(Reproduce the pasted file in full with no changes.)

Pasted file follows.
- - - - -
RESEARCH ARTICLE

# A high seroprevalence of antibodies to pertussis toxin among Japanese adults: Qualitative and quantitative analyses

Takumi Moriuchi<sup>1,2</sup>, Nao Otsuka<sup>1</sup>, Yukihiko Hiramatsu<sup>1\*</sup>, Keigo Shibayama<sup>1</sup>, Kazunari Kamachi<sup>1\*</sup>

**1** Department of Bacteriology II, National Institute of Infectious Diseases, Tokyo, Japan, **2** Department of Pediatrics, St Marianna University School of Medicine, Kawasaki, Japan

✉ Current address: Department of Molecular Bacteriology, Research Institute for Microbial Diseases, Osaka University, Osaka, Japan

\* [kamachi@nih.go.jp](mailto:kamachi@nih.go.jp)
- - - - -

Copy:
RESEARCH ARTICLE

# A high seroprevalence of antibodies to pertussis toxin among Japanese adults: Qualitative and quantitative analyses

Takumi Moriuchi<sup>1,2</sup>, Nao Otsuka<sup>1</sup>, Yukihiko Hiramatsu<sup>1\*</sup>, Keigo Shibayama<sup>1</sup>, Kazunari Kamachi<sup>1\*</sup>

**1** Department of Bacteriology II, National Institute of Infectious Diseases, Tokyo, Japan, **2** Department of Pediatrics, St Marianna University School of Medicine, Kawasaki, Japan

✉ Current address: Department of Molecular Bacteriology, Research Institute for Microbial Diseases, Osaka University, Osaka, Japan

\* [kamachi@nih.go.jp](mailto:kamachi@nih.go.jp)